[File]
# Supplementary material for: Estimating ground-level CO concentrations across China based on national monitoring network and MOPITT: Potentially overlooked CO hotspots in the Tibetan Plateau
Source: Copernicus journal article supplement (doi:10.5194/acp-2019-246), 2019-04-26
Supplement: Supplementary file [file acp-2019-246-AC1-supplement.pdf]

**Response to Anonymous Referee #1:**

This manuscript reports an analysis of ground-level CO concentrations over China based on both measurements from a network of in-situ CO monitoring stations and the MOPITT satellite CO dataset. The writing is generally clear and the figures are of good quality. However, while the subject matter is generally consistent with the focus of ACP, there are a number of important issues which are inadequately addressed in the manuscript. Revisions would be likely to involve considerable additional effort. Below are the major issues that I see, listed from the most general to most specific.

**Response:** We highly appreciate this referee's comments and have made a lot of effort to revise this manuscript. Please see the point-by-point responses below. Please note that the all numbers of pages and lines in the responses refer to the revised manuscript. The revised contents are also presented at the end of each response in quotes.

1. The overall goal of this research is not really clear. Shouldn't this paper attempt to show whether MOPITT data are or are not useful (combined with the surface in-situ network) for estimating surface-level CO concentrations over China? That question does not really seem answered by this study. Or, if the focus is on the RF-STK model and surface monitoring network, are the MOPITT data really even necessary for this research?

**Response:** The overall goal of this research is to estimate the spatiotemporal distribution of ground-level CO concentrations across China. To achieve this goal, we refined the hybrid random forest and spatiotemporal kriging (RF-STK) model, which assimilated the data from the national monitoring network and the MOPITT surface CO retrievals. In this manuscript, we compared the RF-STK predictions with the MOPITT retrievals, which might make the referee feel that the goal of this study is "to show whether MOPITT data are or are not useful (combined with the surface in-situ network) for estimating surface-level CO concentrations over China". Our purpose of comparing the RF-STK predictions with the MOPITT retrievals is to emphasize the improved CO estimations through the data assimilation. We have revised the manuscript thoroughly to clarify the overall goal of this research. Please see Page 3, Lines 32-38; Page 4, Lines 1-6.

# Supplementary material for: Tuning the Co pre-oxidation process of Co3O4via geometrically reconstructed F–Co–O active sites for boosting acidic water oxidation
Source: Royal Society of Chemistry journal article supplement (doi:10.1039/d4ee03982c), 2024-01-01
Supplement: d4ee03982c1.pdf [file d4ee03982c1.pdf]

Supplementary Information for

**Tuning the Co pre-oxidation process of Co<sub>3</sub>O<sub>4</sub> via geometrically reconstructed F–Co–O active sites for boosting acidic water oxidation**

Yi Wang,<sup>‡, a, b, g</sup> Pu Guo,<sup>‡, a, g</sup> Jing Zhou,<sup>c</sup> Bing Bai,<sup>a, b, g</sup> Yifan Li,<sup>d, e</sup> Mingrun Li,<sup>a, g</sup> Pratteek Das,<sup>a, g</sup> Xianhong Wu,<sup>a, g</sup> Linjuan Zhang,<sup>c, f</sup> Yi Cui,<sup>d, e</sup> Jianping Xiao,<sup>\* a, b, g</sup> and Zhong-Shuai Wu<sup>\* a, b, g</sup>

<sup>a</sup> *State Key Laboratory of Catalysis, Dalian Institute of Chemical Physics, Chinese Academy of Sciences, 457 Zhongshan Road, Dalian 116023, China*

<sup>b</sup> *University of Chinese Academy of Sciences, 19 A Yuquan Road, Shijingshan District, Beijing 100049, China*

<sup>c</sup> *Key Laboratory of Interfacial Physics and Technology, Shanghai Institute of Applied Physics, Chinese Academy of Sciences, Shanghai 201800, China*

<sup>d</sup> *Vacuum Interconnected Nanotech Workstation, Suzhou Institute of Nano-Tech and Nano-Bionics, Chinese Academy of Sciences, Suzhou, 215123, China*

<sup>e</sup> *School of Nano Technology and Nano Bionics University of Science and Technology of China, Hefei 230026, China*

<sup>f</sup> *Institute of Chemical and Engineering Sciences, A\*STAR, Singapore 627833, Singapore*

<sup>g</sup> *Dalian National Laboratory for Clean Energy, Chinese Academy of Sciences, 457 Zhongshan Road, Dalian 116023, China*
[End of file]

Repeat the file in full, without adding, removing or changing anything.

# Supplementary material for: Estimating ground-level CO concentrations across China based on national monitoring network and MOPITT: Potentially overlooked CO hotspots in the Tibetan Plateau
Source: Copernicus journal article supplement (doi:10.5194/acp-2019-246), 2019-04-26
Supplement: Supplementary file [file acp-2019-246-AC1-supplement.pdf]

**Response to Anonymous Referee #1:**

This manuscript reports an analysis of ground-level CO concentrations over China based on both measurements from a network of in-situ CO monitoring stations and the MOPITT satellite CO dataset. The writing is generally clear and the figures are of good quality. However, while the subject matter is generally consistent with the focus of ACP, there are a number of important issues which are inadequately addressed in the manuscript. Revisions would be likely to involve considerable additional effort. Below are the major issues that I see, listed from the most general to most specific.

**Response:** We highly appreciate this referee's comments and have made a lot of effort to revise this manuscript. Please see the point-by-point responses below. Please note that the all numbers of pages and lines in the responses refer to the revised manuscript. The revised contents are also presented at the end of each response in quotes.

1. The overall goal of this research is not really clear. Shouldn't this paper attempt to show whether MOPITT data are or are not useful (combined with the surface in-situ network) for estimating surface-level CO concentrations over China? That question does not really seem answered by this study. Or, if the focus is on the RF-STK model and surface monitoring network, are the MOPITT data really even necessary for this research?

**Response:** The overall goal of this research is to estimate the spatiotemporal distribution of ground-level CO concentrations across China. To achieve this goal, we refined the hybrid random forest and spatiotemporal kriging (RF-STK) model, which assimilated the data from the national monitoring network and the MOPITT surface CO retrievals. In this manuscript, we compared the RF-STK predictions with the MOPITT retrievals, which might make the referee feel that the goal of this study is "to show whether MOPITT data are or are not useful (combined with the surface in-situ network) for estimating surface-level CO concentrations over China". Our purpose of comparing the RF-STK predictions with the MOPITT retrievals is to emphasize the improved CO estimations through the data assimilation. We have revised the manuscript thoroughly to clarify the overall goal of this research. Please see Page 3, Lines 32-38; Page 4, Lines 1-6.

# Supplementary material for: Tuning the Co pre-oxidation process of Co3O4via geometrically reconstructed F–Co–O active sites for boosting acidic water oxidation
Source: Royal Society of Chemistry journal article supplement (doi:10.1039/d4ee03982c), 2024-01-01
Supplement: d4ee03982c1.pdf [file d4ee03982c1.pdf]

Supplementary Information for

**Tuning the Co pre-oxidation process of Co<sub>3</sub>O<sub>4</sub> via geometrically reconstructed F–Co–O active sites for boosting acidic water oxidation**

Yi Wang,<sup>‡, a, b, g</sup> Pu Guo,<sup>‡, a, g</sup> Jing Zhou,<sup>c</sup> Bing Bai,<sup>a, b, g</sup> Yifan Li,<sup>d, e</sup> Mingrun Li,<sup>a, g</sup> Pratteek Das,<sup>a, g</sup> Xianhong Wu,<sup>a, g</sup> Linjuan Zhang,<sup>c, f</sup> Yi Cui,<sup>d, e</sup> Jianping Xiao,<sup>\* a, b, g</sup> and Zhong-Shuai Wu<sup>\* a, b, g</sup>

<sup>a</sup> *State Key Laboratory of Catalysis, Dalian Institute of Chemical Physics, Chinese Academy of Sciences, 457 Zhongshan Road, Dalian 116023, China*

<sup>b</sup> *University of Chinese Academy of Sciences, 19 A Yuquan Road, Shijingshan District, Beijing 100049, China*

<sup>c</sup> *Key Laboratory of Interfacial Physics and Technology, Shanghai Institute of Applied Physics, Chinese Academy of Sciences, Shanghai 201800, China*

<sup>d</sup> *Vacuum Interconnected Nanotech Workstation, Suzhou Institute of Nano-Tech and Nano-Bionics, Chinese Academy of Sciences, Suzhou, 215123, China*

<sup>e</sup> *School of Nano Technology and Nano Bionics University of Science and Technology of China, Hefei 230026, China*

<sup>f</sup> *Institute of Chemical and Engineering Sciences, A\*STAR, Singapore 627833, Singapore*

<sup>g</sup> *Dalian National Laboratory for Clean Energy, Chinese Academy of Sciences, 457 Zhongshan Road, Dalian 116023, China*